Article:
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Opening Day Countdown: The 1982 Brewers

We're 82 days away from Opening Day so let's take a look back at the best year in franchise history.

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The Brewers franchise best year took place during a dark age for the world. It was before my birth. But that doesn't change any of truths about that year. They finished with the teams best record. Their 95 win season would hold out as a franchise record until 2011. More importantly the reached the playoffs that year and almost did something amazing. They fell just one win shy of becoming World Series Champions.

What's kind of crazy is how close the Brewers were to falling short multiple times that year. I somehow didn't realize, or had forgotten, that the Brewers didn't secure first place in the AL East until the last game of the regular season. They were in a tie with the Baltimore Orioles who just so happened to be the team they were playing in the final series of the regular season. It all game down to Game 162. If you wrote that for a movie...well I was going to say it would be thrown out for being too cute, but that's basically the plot to Major League.

As close as the Brewers were cutting it on the macro-season-record scale, that final game against the Orioles itself was anything but. They trounced Baltimore by a score of 10-2. They scored a run in each of the first three innings before the Orioles even scored one. So the game was pretty much over before it started. Robin Yount hit two home runs in that game. Cecil Cooper and Ted Simmons each hit home runs of their own.

Don Sutton started that game for the Brewers and went 8 innings allowing 2 runs on 8 hits, 3 walks, and 6 strikeouts. The opposing pitcher was Jim Palmer who went 5 innings allowing 4 runs, 3 earned. It was a bit of a tough luck day for him as he only allowed 4 hits, 3 of which were home runs.

Brewers fans might have thought they could breathe now that their team had finally secured their spot in the playoffs. But they were wrong. Back then there was the Championship series followed by the World Series. The Brewers were set to face the Angels in a five game series. Milwaukee lost the first two games, meaning every game was then an elimination game for them.

In Game 3 the Brewers scored 5 runs before the Angels score one, so that was a blow out for them. Game 4 the Brewers scored 6 runs before the Angels scored one. So that was a blowout as well. The final game was much closer. The Angels scored a run in the first inning, but so did the Brewers. Then the Angels went ahead 3-1 by the end of the top of the fourth inning. The Brewers scored a run that inning too, but still trailed 3-2. They would score again until the seventh inning, but they scored twice. And eventually they won that game 4-3, securing their spot in the World Series.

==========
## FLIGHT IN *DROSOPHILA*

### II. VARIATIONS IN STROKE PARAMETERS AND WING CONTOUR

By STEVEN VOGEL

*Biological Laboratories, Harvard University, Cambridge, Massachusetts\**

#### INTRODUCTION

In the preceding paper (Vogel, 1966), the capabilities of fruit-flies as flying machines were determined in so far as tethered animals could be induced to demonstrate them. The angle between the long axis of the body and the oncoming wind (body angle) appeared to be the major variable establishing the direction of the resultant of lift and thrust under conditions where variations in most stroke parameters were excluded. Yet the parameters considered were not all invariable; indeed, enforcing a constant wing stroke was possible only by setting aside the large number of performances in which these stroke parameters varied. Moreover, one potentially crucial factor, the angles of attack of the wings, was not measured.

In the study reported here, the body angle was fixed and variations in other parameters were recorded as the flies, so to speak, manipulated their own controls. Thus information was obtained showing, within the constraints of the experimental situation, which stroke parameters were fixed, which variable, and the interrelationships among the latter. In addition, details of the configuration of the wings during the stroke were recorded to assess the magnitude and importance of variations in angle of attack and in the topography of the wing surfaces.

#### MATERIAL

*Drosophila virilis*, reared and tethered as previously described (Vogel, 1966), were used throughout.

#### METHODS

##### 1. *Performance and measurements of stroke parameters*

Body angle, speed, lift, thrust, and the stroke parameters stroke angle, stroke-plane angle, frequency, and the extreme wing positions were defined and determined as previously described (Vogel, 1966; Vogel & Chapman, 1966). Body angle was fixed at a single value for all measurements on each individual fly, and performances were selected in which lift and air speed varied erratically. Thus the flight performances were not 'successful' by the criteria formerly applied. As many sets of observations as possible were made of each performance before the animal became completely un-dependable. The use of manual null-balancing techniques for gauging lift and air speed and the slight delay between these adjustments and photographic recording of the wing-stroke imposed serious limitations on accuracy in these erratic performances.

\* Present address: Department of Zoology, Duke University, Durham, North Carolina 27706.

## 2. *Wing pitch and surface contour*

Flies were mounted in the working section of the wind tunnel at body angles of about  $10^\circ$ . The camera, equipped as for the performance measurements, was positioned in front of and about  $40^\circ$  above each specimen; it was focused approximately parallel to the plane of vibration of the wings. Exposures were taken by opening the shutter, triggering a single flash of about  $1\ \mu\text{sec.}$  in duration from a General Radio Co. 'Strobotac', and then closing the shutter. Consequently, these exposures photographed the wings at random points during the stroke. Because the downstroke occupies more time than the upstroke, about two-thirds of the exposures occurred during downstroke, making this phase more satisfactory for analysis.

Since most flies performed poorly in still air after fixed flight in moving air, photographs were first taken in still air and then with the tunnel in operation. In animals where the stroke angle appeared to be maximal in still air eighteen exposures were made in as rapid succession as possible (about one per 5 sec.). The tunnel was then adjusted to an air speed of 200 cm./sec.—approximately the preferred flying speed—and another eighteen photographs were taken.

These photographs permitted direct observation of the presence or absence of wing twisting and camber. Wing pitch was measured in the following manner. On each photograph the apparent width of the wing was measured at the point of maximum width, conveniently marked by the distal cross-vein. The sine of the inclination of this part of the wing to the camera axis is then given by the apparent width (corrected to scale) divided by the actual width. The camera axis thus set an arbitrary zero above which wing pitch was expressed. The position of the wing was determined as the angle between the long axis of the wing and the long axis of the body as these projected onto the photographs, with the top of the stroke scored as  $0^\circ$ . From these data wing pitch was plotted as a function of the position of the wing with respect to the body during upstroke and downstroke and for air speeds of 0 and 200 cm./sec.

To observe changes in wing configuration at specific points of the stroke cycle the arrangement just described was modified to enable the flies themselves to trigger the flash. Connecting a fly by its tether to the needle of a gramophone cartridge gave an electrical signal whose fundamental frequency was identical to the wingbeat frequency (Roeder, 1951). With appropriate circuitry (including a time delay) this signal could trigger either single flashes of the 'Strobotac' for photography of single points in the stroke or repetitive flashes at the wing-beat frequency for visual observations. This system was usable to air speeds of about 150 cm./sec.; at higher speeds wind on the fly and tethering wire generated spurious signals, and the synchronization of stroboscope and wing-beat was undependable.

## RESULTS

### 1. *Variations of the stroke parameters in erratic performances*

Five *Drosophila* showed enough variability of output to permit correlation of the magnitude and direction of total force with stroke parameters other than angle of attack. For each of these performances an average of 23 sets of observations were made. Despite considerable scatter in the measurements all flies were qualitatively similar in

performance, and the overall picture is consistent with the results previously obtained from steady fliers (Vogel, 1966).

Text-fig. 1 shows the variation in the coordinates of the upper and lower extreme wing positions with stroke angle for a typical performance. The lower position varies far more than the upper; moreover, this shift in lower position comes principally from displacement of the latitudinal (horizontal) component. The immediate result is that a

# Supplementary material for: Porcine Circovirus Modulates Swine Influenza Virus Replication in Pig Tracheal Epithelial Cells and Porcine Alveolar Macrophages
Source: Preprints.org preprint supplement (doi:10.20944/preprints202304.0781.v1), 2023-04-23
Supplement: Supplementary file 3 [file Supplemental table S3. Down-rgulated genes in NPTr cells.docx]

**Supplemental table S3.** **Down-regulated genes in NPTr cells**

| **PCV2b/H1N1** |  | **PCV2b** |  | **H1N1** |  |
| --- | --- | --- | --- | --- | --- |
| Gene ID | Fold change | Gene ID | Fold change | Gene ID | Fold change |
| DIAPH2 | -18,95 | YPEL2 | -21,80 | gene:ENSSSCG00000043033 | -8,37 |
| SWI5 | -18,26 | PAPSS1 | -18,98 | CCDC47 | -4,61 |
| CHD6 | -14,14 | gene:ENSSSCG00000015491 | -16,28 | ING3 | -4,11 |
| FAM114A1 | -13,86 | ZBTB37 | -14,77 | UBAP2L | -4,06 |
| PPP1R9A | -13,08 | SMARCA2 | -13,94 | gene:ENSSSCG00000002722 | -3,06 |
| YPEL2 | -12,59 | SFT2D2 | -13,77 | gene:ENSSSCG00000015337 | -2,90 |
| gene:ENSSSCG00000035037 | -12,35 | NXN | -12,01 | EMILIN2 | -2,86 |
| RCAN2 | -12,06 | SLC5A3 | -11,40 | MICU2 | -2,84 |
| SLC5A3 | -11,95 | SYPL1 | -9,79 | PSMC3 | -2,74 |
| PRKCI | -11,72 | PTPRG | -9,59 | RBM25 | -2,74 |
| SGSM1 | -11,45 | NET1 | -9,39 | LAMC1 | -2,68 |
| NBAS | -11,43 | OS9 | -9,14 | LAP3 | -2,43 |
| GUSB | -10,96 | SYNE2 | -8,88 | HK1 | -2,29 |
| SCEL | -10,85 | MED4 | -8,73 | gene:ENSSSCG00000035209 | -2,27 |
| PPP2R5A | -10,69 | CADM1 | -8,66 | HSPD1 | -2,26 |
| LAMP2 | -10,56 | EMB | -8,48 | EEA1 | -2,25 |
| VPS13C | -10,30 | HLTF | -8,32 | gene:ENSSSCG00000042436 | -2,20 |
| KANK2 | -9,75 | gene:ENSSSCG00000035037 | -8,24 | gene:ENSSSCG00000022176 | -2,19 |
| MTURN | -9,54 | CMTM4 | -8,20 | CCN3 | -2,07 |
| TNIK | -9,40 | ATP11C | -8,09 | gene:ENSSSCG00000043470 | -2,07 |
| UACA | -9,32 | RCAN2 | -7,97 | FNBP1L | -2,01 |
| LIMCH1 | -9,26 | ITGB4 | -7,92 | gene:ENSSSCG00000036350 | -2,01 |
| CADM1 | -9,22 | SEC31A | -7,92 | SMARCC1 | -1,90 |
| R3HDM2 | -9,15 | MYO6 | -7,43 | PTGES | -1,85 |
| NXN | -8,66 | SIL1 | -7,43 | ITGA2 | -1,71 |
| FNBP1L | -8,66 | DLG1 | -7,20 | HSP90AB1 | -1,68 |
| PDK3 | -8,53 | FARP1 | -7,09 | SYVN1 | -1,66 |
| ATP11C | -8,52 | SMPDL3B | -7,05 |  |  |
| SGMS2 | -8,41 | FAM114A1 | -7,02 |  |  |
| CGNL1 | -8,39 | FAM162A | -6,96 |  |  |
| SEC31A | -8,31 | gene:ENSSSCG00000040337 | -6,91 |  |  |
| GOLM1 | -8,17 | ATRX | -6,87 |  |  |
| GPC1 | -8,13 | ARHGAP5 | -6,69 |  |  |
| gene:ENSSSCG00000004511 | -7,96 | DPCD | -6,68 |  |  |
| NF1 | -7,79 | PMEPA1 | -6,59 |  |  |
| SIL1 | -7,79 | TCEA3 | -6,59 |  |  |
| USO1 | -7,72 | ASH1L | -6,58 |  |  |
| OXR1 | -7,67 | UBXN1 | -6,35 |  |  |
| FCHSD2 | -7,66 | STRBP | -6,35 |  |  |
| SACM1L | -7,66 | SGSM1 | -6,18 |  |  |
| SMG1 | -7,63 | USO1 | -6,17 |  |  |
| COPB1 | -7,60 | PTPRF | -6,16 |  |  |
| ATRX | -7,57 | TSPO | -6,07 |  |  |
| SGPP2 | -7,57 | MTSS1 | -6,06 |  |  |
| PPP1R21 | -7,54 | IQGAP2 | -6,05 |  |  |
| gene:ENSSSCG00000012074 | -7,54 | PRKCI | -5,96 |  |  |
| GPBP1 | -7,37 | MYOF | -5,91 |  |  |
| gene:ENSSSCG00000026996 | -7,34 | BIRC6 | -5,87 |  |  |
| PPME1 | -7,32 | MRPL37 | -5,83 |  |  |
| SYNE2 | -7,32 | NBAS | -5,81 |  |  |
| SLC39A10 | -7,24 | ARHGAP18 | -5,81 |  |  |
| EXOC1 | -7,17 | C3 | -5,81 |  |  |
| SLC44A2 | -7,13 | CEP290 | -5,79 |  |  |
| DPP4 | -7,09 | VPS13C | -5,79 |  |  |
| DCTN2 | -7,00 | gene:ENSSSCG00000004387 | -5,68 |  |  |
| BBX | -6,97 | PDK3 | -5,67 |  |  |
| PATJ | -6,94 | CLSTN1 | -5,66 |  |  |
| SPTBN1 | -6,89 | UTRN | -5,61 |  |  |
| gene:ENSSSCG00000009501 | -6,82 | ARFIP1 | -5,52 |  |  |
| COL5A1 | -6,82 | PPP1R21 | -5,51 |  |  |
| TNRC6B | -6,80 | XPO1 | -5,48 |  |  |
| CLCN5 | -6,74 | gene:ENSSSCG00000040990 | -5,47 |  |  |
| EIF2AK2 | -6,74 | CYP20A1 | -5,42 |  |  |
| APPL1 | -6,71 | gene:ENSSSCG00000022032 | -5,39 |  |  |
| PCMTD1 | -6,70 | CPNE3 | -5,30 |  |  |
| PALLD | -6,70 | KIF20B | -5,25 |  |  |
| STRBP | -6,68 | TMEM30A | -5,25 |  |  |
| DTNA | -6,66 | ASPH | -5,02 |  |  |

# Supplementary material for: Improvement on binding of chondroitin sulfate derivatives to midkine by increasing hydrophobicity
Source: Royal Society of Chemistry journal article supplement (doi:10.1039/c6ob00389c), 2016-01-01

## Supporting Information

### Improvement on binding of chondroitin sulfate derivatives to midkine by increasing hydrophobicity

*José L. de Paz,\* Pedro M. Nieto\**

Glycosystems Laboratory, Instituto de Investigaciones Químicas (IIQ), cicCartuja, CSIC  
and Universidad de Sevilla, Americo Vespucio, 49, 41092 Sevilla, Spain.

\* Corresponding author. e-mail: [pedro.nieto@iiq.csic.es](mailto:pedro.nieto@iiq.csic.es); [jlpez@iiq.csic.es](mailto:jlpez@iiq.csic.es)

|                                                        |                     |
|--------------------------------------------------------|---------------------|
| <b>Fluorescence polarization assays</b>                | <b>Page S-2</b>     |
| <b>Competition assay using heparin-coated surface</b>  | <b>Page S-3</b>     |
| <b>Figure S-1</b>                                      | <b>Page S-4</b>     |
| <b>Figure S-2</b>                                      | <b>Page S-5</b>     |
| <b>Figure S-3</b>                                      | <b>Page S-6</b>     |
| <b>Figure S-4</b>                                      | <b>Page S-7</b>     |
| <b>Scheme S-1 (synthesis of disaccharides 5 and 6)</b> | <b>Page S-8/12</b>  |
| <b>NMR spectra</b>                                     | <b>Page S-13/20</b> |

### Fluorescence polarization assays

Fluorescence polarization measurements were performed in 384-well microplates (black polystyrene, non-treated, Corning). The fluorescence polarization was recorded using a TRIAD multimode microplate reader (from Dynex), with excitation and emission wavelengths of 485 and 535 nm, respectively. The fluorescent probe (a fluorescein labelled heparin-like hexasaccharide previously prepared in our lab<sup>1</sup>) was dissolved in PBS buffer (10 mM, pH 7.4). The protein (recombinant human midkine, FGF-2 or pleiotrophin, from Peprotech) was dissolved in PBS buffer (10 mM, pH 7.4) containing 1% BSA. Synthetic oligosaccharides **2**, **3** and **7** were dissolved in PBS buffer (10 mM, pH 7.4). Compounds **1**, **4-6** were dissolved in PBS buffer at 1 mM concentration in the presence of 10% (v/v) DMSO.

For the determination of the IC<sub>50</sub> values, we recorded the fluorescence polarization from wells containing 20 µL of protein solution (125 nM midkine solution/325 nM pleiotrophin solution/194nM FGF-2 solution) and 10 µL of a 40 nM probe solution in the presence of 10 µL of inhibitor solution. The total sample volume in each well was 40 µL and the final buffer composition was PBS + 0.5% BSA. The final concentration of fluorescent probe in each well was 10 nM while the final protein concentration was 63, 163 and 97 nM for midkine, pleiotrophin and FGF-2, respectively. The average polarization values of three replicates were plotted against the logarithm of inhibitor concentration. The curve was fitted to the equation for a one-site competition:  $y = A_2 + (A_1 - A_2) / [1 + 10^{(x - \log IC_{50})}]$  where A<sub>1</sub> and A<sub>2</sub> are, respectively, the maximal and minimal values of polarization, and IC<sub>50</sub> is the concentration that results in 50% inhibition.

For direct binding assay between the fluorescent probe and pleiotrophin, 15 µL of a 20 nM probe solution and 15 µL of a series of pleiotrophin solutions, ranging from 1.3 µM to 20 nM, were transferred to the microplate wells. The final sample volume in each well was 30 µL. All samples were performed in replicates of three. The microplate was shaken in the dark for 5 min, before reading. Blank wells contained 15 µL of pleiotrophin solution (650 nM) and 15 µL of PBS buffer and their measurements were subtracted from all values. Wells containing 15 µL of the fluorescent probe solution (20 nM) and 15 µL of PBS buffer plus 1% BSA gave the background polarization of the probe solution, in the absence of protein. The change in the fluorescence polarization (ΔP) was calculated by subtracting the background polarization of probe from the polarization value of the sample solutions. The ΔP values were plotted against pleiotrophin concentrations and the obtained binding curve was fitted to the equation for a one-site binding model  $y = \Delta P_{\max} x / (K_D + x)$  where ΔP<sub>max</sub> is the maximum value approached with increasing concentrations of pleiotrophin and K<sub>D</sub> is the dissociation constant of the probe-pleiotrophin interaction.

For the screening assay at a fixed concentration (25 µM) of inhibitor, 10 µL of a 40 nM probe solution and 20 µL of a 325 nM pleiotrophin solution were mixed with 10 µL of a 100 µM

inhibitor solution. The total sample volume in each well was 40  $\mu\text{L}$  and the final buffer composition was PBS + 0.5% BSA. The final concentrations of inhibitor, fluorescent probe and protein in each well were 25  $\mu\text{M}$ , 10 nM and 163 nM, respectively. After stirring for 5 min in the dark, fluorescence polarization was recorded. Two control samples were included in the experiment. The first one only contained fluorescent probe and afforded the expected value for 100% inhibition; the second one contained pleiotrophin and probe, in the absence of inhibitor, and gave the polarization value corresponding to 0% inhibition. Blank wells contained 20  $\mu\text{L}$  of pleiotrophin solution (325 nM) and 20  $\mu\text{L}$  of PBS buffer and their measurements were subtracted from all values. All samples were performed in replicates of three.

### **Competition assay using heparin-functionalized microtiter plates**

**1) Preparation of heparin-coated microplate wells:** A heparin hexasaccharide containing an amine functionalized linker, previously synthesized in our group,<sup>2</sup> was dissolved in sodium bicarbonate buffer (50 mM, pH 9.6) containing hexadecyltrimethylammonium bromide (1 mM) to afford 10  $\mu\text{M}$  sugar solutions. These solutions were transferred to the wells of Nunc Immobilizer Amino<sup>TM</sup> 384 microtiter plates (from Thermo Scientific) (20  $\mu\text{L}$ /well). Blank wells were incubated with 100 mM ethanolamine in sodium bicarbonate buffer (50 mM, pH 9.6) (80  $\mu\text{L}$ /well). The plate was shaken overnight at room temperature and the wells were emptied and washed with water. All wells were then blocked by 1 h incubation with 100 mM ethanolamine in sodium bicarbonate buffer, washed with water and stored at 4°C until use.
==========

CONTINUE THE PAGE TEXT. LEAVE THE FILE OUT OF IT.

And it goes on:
Their opponent would grow to become one of the best teams in baseball during this modern era and their arch nemesis: The St. Louis Cardinals. This series would become probably the greatest and most painful for Brewers fans. We all know the outcome now. The Brewers lost in 7 games. But they still made it to the World Series--something that hadn't happened before and hasn't happened since.

Milwaukee opened the series with a thunderous 10-0 victory. I imagine Brewers fans at the time felt like this was their year. But the Cardinals would win the next two games before the Brewers would even the score and bring the series to a 2-2 tie after four games. Then they'd pull ahead with a 6-4 victory in Game 5. The Cardinals would get revenge for the Game 1 blowout with their own--a 13-2 route in Game 6.

Game 7 would be heart-breakingly close. The Cardinals scored first with a run in the bottom of the fourth inning. The Brewers tied it in the top of the fifth and then took a 3-1 lead in the sixth. But the Cardinals would come back to score 3 runs in the bottom of that inning. Later in the eighth they'd score 2 more. The Brewers didn't score another run after the 6th and lost 6-3. It must have been crushing for Brewers fans at the time. Little did they know it would take 26 years to get back to the playoffs at all.

Sidenote: You can read the New York Times recap of Game 7 here.

Despite the final outcome this is easily the best season in franchise history. They played the best ball the Brewers franchise had seen with 95 wins. And then they went deeper into the playoffs than ever before. Robin Yount was named MVP that year. And he sure deserved after hitting an astounding 331/379/578! Pete Vuckovich was awarded the Cy Young--which I'm sorry to say is a testament to how little sports writers knew about baseball at the time as evidenced by this list. But whatever. Great year nonetheless.